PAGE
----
WASHINGTON: The suicide bomber who killed eight people inside a CIA base in Afghanistan was a Jordan-born terrorist double agent who was

invited to the base because he claimed to have information targetting Osama bin Laden’s second-in-command, a former senior

US intelligence official and a

foreign government official confirmed on Monday.

The bombing killed seven CIA employees - four officers and three contracted security guards - and a Jordanian intelligence officer, Ali bin Zaid, according to a second former US intelligence official.

The former senior intelligence official and the foreign official said the bomber was Humam Khalil Abu-Mulal al-Balawi, a 36-year old doctor from Zarqa, Jordan, who had been recruited by Jordanian intelligence. Zarqa is the hometown of slain al-Qaida in Iraq leader Abu Musab al-Zarqawi. NBC News first reported the bomber’s identity.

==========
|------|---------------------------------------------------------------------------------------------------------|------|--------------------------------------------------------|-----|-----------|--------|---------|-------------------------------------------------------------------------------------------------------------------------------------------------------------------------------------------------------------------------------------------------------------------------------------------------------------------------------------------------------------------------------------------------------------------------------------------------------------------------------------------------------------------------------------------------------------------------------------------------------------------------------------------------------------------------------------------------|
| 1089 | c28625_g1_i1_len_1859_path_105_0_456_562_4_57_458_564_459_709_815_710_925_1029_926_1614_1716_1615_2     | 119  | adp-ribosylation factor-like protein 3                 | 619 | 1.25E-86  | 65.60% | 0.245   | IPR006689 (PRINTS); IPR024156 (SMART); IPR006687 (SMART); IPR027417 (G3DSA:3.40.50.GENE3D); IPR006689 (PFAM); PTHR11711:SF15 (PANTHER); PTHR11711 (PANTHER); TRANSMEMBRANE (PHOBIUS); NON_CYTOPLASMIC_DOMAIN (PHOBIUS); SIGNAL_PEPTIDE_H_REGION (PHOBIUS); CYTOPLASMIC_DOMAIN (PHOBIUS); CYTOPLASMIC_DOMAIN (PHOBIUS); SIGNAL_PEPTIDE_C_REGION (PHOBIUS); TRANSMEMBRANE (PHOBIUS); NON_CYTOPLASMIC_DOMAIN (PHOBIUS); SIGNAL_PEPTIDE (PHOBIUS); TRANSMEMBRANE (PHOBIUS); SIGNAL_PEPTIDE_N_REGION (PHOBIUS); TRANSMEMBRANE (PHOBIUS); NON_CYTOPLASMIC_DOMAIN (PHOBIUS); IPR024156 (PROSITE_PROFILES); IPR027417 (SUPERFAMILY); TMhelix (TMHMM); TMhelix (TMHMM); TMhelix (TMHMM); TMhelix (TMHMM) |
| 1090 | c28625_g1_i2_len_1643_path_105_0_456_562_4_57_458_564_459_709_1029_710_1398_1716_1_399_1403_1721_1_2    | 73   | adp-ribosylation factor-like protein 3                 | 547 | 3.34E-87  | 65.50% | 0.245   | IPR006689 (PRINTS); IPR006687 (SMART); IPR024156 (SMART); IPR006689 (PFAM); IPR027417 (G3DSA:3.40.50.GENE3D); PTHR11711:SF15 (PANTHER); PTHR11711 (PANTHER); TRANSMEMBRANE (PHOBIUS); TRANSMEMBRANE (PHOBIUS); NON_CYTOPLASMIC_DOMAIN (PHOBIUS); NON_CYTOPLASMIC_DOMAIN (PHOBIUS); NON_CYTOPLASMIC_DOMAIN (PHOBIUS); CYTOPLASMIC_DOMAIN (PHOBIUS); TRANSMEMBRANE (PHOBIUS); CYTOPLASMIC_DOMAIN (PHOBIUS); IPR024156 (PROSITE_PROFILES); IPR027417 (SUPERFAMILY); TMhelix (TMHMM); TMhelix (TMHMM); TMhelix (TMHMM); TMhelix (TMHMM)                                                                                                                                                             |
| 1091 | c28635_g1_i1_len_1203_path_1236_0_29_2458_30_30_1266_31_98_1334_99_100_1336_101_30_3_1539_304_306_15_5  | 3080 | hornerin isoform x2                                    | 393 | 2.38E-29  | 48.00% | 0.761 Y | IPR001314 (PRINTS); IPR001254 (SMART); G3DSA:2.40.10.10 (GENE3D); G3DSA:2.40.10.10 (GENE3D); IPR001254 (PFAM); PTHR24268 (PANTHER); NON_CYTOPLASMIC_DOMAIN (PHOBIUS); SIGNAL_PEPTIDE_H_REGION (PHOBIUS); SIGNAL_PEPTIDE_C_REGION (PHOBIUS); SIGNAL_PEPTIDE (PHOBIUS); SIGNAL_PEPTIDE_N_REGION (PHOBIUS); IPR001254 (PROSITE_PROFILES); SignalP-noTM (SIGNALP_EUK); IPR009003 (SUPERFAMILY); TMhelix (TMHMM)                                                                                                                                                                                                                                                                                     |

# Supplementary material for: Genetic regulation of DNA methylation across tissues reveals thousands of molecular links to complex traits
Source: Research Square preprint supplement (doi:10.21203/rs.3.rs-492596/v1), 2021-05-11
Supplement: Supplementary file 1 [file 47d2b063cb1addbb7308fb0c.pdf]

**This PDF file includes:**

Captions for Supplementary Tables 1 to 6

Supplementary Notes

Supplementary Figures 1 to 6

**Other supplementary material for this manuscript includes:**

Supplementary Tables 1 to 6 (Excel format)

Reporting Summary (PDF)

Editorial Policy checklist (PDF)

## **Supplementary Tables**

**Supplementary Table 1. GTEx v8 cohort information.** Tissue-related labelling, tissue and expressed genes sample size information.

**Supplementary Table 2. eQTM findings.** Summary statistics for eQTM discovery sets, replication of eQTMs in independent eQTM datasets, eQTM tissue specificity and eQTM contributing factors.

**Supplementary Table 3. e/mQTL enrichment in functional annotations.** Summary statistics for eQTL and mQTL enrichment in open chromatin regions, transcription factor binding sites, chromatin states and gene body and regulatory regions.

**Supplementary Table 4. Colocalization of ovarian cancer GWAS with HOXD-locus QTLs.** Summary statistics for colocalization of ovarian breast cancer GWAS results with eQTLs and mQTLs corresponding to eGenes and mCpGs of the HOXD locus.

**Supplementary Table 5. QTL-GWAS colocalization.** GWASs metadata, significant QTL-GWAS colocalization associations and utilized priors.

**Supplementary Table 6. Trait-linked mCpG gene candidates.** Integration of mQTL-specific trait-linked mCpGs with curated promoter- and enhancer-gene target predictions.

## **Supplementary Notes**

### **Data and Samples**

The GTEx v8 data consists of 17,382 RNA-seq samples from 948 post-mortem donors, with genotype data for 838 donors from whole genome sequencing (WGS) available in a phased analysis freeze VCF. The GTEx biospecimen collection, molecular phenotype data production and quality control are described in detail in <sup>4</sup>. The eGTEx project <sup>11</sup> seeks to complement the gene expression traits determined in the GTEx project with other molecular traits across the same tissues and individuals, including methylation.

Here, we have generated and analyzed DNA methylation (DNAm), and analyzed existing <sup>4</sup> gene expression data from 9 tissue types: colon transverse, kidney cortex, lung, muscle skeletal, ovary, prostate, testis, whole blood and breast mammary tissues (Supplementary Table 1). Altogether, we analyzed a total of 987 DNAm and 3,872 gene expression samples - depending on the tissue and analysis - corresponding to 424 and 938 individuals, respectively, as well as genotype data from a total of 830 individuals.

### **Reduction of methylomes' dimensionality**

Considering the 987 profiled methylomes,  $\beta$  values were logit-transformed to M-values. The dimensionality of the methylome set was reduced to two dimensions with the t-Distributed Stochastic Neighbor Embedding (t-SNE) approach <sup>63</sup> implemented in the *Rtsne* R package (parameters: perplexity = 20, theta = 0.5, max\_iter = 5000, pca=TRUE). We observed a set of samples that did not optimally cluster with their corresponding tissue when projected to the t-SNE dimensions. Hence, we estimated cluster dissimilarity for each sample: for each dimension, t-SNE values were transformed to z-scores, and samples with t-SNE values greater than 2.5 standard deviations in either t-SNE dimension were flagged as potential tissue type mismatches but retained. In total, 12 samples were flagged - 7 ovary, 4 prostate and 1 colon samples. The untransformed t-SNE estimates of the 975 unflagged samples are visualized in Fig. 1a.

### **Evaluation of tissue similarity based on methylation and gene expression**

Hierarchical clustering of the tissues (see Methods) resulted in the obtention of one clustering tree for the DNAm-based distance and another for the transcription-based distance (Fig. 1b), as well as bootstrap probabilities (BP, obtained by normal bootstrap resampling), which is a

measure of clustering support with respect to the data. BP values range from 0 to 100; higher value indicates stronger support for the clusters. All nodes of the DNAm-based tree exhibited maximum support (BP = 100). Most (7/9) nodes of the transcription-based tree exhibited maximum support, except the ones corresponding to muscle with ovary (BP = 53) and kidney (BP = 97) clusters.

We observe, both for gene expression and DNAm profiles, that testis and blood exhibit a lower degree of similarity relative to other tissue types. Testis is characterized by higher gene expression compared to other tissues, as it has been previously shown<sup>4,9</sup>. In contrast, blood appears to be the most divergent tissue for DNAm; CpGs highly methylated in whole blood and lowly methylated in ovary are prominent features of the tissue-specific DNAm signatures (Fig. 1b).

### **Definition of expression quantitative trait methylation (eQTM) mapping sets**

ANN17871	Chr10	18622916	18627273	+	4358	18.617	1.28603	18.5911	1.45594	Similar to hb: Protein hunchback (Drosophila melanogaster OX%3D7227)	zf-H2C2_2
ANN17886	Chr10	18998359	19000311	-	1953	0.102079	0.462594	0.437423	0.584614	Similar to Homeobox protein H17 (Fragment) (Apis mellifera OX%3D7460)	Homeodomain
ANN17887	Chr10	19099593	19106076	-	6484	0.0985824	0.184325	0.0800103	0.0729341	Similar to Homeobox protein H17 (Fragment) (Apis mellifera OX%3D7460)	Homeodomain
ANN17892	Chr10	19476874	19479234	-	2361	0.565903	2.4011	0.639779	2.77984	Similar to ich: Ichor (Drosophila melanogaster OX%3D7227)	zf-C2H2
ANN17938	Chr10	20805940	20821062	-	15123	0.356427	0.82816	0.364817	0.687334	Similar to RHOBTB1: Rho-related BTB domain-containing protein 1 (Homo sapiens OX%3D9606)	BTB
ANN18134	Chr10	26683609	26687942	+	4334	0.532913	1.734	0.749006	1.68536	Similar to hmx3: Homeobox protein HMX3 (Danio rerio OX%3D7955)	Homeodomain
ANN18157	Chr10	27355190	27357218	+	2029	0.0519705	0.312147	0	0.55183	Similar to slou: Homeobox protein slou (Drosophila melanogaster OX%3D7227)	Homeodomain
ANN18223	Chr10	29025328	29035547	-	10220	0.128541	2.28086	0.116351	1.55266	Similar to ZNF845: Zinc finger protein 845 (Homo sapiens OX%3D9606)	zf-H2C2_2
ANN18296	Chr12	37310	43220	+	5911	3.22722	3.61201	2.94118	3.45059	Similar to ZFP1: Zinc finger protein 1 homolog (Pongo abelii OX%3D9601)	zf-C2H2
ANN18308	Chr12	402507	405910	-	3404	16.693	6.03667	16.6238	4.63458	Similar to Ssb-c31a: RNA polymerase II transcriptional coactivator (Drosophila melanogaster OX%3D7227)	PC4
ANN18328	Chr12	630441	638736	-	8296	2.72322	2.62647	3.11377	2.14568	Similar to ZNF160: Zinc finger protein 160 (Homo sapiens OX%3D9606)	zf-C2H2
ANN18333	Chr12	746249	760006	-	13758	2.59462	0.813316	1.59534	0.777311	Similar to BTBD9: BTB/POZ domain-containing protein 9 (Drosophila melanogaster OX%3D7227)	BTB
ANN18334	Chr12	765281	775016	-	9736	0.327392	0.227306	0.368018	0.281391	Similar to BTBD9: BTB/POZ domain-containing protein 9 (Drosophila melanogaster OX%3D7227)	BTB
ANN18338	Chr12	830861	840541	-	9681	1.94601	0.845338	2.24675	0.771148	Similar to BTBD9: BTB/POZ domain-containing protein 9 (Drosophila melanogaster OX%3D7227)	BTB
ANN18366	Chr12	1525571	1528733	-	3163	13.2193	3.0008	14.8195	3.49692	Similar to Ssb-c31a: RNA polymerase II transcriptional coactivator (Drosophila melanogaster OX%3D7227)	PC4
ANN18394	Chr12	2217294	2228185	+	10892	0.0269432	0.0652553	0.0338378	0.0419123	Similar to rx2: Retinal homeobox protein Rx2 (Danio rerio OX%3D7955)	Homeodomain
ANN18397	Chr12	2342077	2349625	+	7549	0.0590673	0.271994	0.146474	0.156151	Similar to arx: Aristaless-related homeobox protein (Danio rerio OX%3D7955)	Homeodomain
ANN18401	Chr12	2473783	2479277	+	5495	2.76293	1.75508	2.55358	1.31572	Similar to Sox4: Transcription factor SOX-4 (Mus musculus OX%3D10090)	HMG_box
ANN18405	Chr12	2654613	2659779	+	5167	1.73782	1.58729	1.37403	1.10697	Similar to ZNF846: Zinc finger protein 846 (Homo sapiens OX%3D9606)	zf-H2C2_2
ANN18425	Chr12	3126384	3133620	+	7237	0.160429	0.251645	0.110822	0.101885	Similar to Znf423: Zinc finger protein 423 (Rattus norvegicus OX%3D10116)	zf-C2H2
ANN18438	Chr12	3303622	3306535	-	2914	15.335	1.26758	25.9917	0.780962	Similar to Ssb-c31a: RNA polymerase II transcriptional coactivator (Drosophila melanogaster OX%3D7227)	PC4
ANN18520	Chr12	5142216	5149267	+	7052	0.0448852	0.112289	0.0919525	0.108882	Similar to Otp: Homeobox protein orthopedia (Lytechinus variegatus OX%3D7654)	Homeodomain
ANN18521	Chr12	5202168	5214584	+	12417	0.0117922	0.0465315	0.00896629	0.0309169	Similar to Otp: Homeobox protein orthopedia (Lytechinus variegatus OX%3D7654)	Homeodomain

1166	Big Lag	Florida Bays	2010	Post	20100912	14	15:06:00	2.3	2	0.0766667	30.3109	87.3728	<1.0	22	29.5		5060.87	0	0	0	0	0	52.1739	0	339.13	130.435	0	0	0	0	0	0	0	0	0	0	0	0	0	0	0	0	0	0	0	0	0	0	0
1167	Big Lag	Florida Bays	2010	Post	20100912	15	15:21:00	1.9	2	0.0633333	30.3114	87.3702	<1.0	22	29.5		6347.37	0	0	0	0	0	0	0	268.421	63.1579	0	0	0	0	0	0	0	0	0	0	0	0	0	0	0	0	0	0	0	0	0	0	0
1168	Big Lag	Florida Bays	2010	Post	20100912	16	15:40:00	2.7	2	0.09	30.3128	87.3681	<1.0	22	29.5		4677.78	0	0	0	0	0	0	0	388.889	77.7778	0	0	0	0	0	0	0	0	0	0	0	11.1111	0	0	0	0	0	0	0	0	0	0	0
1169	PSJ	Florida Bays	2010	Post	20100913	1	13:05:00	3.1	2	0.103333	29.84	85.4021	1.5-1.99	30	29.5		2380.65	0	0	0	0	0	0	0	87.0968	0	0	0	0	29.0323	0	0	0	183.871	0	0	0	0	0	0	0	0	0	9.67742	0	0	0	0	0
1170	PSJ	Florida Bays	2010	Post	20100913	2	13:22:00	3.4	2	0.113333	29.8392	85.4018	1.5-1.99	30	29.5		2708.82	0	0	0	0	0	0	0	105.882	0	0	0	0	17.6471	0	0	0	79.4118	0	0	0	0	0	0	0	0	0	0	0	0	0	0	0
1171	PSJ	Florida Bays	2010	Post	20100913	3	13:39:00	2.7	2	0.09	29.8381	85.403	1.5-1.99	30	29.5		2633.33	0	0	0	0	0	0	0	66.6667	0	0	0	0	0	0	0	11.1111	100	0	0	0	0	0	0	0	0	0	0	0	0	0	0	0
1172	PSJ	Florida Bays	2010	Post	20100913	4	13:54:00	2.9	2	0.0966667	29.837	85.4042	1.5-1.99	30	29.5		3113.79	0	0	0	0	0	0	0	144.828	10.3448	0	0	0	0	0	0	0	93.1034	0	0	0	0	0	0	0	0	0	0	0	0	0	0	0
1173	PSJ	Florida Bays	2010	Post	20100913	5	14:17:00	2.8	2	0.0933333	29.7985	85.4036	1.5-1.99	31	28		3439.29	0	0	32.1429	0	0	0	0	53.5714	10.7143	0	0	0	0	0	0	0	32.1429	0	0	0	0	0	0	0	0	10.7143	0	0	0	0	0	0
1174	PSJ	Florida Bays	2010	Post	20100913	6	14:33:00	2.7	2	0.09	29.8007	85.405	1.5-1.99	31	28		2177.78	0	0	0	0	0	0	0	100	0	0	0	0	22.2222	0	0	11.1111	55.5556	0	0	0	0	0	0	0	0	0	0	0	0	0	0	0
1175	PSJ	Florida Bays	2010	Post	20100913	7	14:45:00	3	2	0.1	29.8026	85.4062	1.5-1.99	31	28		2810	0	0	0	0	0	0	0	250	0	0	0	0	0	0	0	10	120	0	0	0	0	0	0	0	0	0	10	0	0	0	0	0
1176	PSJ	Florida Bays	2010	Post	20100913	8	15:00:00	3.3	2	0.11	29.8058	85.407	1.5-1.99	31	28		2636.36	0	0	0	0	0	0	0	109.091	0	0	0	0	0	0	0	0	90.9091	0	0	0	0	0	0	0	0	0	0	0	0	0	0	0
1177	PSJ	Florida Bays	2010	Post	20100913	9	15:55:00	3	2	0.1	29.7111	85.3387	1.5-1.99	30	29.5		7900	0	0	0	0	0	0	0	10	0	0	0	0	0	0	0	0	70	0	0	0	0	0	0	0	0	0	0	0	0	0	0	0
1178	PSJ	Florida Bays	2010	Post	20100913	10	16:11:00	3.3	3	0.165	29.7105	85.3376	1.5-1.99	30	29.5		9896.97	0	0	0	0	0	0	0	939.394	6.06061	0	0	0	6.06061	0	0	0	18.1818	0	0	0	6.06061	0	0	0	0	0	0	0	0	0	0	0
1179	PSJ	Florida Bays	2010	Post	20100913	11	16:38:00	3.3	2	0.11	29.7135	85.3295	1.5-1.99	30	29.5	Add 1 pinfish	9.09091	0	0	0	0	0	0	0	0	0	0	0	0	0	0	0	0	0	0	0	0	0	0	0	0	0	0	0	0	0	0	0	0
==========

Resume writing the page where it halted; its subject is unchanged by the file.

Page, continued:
He was arrested more than a year ago by Jordanian intelligence and was thought to have been persuaded to support US and Jordanian efforts against al-Qaida, according to the NBC report. He was invited to Camp Chapman, a tightly secured CIA forward base in Khost province on the fractious Afghan-Pakistan frontier, because he was offering urgent information to track down Ayman al-Zawahri, Osama bin Laden’s right-hand man.

The CIA declined to comment on the report.

Hajj Yacoub, a self-proclaimed spokesman for the Taliban in Pakistan, identified the bomber on Muslim militant Web sites as Hammam Khalil Mohammed, also known as Abu-Dujana al-Khurasani. There was no independent confirmation of Yacoub’s statement. Al-Balawi was not searched for bombs when he got onto Camp Chapman, according to both former officials and a current intelligence official. He detonated the explosive shortly after his debriefing began, according to one of the former intelligence officials.